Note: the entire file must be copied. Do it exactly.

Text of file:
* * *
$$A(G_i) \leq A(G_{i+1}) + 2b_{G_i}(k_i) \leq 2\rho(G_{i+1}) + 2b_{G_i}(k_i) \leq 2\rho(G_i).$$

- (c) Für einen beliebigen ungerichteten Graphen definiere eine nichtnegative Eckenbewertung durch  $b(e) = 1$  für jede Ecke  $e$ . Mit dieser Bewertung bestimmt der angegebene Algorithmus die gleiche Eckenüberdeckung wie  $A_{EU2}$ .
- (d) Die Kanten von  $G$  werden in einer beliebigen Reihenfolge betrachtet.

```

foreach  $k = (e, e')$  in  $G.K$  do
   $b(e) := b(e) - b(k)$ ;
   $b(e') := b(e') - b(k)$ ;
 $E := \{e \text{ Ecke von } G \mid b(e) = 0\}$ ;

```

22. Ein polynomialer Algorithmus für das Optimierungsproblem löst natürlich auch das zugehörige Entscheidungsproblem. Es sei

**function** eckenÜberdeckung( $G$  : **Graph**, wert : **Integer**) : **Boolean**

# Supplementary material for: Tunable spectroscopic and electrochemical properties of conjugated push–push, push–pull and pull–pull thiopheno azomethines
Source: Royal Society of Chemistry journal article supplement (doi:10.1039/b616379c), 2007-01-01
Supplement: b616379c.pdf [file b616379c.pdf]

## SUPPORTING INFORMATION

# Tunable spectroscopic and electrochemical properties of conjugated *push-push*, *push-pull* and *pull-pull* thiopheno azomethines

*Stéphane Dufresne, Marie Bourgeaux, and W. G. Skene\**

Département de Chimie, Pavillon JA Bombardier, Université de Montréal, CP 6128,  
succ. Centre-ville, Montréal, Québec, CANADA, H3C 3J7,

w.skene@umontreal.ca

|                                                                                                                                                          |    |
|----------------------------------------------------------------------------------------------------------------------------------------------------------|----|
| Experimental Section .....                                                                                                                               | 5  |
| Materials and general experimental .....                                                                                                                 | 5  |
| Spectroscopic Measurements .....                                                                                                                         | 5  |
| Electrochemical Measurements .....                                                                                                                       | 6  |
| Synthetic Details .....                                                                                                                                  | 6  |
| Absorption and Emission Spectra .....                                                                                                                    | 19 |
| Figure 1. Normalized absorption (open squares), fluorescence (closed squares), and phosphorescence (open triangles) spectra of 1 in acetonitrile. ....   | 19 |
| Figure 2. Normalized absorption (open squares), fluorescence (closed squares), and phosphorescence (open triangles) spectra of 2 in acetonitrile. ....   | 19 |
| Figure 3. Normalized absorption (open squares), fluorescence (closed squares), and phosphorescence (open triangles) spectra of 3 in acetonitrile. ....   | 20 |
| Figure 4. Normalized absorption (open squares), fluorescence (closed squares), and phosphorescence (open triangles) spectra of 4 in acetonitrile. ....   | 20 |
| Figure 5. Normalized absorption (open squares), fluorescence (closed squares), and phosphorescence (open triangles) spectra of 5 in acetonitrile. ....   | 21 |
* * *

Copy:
$$A(G_i) \leq A(G_{i+1}) + 2b_{G_i}(k_i) \leq 2\rho(G_{i+1}) + 2b_{G_i}(k_i) \leq 2\rho(G_i).$$

- (c) Für einen beliebigen ungerichteten Graphen definiere eine nichtnegative Eckenbewertung durch  $b(e) = 1$  für jede Ecke  $e$ . Mit dieser Bewertung bestimmt der angegebene Algorithmus die gleiche Eckenüberdeckung wie  $A_{EU2}$ .
- (d) Die Kanten von  $G$  werden in einer beliebigen Reihenfolge betrachtet.

```

foreach  $k = (e, e')$  in  $G.K$  do
   $b(e) := b(e) - b(k)$ ;
   $b(e') := b(e') - b(k)$ ;
 $E := \{e \text{ Ecke von } G \mid b(e) = 0\}$ ;

```

22. Ein polynomialer Algorithmus für das Optimierungsproblem löst natürlich auch das zugehörige Entscheidungsproblem. Es sei

**function** eckenÜberdeckung( $G$  : **Graph**, wert : **Integer**) : **Boolean**

# Supplementary material for: Tunable spectroscopic and electrochemical properties of conjugated push–push, push–pull and pull–pull thiopheno azomethines
Source: Royal Society of Chemistry journal article supplement (doi:10.1039/b616379c), 2007-01-01
Supplement: b616379c.pdf [file b616379c.pdf]

## SUPPORTING INFORMATION

# Tunable spectroscopic and electrochemical properties of conjugated *push-push*, *push-pull* and *pull-pull* thiopheno azomethines

*Stéphane Dufresne, Marie Bourgeaux, and W. G. Skene\**

Département de Chimie, Pavillon JA Bombardier, Université de Montréal, CP 6128,  
succ. Centre-ville, Montréal, Québec, CANADA, H3C 3J7,

w.skene@umontreal.ca

|                                                                                                                                                          |    |
|----------------------------------------------------------------------------------------------------------------------------------------------------------|----|
| Experimental Section .....                                                                                                                               | 5  |
| Materials and general experimental .....                                                                                                                 | 5  |
| Spectroscopic Measurements .....                                                                                                                         | 5  |
| Electrochemical Measurements .....                                                                                                                       | 6  |
| Synthetic Details .....                                                                                                                                  | 6  |
| Absorption and Emission Spectra .....                                                                                                                    | 19 |
| Figure 1. Normalized absorption (open squares), fluorescence (closed squares), and phosphorescence (open triangles) spectra of 1 in acetonitrile. ....   | 19 |
| Figure 2. Normalized absorption (open squares), fluorescence (closed squares), and phosphorescence (open triangles) spectra of 2 in acetonitrile. ....   | 19 |
| Figure 3. Normalized absorption (open squares), fluorescence (closed squares), and phosphorescence (open triangles) spectra of 3 in acetonitrile. ....   | 20 |
| Figure 4. Normalized absorption (open squares), fluorescence (closed squares), and phosphorescence (open triangles) spectra of 4 in acetonitrile. ....   | 20 |
| Figure 5. Normalized absorption (open squares), fluorescence (closed squares), and phosphorescence (open triangles) spectra of 5 in acetonitrile. ....   | 21 |